Later in the same gospel, we find Jesus ministering to 10 lepers, social pariahs for no other reason than being afflicted with a horrid disease. It states He healed all of them, but only one “threw himself at Jesus’ feet and thanked him – and he was a Samaritan” (Luke 17:16). Double irony.

Then John 4:4-42 tells of His encounter with a woman at a well outside a town in Samaria. She too was an outcast, having had five husbands and presently living with a man she wasn’t married to. Again, in the context of the times, speaking to such a woman, much less one that was a Samaritan, was considered scandalous. But Jesus showed her great compassion and invited her to partake of the “living water” only He could give.

Years ago, I began meeting weekly with a young African-American man, Rhon, who had just committed his life to Jesus Christ. One day he looked me in the eyes and asked, “Bob, if Jesus were standing here today and saw me, would he see a black man?” I pointed him to Galatians 3:28, which declares, “There is neither Jew, nor Greek, slave nor free, male or female, for you are all one in Christ Jesus.”

This I believe is without doubt God’s perspective. How, then, are we to gain this view as well?

More recently I’ve enjoyed getting to know two other black men I meet with frequently. Growing up in suburban New Jersey, I never really knew any African-Americans, although the term wasn’t used back then. In high school there were some black students, but again in those days blacks and Caucasians didn’t mix much except in extracurricular activities like athletics. So much for the myth of the non-racist North, right?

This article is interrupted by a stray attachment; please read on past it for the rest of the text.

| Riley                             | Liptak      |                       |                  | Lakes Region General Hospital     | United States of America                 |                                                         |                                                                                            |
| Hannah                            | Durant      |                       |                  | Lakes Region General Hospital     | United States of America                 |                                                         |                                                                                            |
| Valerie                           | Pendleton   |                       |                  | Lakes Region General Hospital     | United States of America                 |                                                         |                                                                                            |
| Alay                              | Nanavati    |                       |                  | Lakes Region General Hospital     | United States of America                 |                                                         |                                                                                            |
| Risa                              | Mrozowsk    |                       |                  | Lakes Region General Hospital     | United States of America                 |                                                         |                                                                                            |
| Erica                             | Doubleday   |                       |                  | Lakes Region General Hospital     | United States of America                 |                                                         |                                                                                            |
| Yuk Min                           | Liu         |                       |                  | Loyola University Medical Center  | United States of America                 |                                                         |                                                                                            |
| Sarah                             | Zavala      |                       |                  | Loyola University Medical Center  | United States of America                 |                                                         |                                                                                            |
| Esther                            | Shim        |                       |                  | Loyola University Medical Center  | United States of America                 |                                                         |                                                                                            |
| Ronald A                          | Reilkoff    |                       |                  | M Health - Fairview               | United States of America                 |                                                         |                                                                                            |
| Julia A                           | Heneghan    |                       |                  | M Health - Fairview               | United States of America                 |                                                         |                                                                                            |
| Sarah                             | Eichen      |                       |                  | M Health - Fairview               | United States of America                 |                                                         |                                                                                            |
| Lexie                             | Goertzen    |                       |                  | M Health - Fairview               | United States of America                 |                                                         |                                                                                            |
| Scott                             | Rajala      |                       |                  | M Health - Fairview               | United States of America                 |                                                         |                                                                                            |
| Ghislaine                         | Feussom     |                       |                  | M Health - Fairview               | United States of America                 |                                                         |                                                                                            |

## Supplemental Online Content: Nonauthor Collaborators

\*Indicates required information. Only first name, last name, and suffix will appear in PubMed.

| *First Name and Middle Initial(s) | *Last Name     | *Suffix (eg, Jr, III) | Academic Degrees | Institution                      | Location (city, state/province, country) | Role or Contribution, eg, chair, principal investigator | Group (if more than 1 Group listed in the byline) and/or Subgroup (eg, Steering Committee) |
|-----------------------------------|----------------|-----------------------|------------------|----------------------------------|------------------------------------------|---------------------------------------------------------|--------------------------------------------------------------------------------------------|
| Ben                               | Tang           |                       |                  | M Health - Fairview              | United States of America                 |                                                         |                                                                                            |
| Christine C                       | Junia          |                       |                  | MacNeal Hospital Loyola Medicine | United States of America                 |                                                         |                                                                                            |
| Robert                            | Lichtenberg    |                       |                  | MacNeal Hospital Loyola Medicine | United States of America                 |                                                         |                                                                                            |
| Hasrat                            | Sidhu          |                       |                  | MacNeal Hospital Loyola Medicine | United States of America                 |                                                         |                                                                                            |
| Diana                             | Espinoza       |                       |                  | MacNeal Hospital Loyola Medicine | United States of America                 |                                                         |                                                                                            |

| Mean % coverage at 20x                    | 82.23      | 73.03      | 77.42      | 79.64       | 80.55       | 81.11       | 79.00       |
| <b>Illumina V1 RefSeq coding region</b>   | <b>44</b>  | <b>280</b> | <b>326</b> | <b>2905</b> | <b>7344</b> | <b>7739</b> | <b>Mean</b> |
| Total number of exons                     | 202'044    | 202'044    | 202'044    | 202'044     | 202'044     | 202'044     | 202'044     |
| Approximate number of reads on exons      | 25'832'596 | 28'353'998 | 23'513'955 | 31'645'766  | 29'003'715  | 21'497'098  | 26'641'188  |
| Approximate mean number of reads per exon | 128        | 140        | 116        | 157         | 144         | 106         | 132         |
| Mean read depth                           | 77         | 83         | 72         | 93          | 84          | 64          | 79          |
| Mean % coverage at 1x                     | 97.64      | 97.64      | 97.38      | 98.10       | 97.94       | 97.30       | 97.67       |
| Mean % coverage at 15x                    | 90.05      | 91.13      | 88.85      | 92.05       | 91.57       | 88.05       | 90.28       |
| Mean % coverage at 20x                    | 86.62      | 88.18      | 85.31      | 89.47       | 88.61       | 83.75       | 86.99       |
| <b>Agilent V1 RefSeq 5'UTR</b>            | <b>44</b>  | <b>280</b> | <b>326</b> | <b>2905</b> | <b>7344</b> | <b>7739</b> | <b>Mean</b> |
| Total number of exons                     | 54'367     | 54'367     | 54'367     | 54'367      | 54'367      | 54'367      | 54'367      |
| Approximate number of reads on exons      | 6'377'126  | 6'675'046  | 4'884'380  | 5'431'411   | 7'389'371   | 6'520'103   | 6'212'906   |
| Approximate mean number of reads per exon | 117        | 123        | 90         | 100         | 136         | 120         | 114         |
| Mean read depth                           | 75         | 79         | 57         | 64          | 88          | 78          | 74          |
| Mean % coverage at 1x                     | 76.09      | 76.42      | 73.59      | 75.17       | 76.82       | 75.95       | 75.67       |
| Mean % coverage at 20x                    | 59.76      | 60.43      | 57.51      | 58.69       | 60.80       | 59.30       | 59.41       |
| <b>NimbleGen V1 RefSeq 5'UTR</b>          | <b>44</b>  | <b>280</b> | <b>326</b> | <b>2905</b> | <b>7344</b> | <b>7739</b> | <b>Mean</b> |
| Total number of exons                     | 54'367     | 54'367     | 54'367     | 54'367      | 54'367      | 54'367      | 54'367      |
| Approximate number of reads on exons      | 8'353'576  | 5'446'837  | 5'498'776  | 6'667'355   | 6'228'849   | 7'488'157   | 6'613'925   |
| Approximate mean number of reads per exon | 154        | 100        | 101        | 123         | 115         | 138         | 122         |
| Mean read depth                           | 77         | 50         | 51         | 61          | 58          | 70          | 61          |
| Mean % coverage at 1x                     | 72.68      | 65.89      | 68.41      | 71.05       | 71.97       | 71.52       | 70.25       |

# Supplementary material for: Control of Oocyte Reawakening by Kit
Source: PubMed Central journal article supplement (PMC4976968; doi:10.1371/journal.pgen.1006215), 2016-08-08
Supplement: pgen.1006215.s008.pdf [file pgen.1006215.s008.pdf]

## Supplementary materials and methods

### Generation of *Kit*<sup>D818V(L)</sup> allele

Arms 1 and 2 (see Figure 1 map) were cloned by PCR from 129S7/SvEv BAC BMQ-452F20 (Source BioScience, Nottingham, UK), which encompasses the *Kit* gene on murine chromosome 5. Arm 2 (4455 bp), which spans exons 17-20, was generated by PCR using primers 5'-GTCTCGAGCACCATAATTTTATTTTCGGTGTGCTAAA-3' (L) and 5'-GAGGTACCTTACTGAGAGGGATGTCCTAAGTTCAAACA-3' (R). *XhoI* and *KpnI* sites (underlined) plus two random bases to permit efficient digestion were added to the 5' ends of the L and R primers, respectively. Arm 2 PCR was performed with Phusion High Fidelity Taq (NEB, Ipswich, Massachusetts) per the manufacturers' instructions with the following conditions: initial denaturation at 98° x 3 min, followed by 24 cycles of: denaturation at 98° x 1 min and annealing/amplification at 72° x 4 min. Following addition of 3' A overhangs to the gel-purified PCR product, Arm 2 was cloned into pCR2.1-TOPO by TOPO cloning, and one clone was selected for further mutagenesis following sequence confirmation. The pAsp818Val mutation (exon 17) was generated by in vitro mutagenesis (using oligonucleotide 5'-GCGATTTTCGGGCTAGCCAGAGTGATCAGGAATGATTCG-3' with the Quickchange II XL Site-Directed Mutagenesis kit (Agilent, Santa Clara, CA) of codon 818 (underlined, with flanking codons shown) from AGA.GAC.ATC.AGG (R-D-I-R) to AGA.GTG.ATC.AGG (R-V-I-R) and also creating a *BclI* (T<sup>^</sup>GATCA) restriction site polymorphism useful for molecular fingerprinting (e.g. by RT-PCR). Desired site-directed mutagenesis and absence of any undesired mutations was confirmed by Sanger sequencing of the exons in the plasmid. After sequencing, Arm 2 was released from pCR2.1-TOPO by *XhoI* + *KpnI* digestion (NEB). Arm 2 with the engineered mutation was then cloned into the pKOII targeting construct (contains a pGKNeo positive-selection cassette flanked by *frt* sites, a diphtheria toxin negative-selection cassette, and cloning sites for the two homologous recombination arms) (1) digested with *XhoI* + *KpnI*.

So being able spend time with Clarence and John has been a blessing for me. I’m not so certain “racism” and “prejudice” mean the same thing, because we can be prejudiced toward many types of people simply because we don’t know them and, in some respects, they’re not like us. Meeting with my two friends has helped me to recognize that apart from skin pigmentation, and ethnic culture to a degree, we’re very much alike.

Sometimes it takes a crisis, like a hurricane or a 9/11, to bring people together and help them to look past superficialities. But often all it takes is intentionality, resolving to really get to know others who aren’t just like us, so we can soon realize that in reality, we’re not all that different.

As the apostle Paul wrote, differences mean nothing for those who “are all one in Christ Jesus.”

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Robert J. Tamasy is a veteran journalist, former newspaper editor and magazine editor. Bob has written hundreds of magazine articles, and authored, co-authored and edited more than 15 books. These include the newly re-published, “Business At Its Best,” “Tufting Legacies,” “The Heart of Mentoring,” and “Pursuing Life With a Shepherd’s Heart.” He edits a weekly business meditation, “Monday Manna,” which is translated into more than 20 languages and distributed via email around the world by CBMC International. To read more of Bob Tamasy’s writings, you can visit his blog, www.bobtamasy.blogspot.com, or his website (now being completed), www.bobtamasy-readywriterink.com. He can be emailed at btamasy@comcast.net.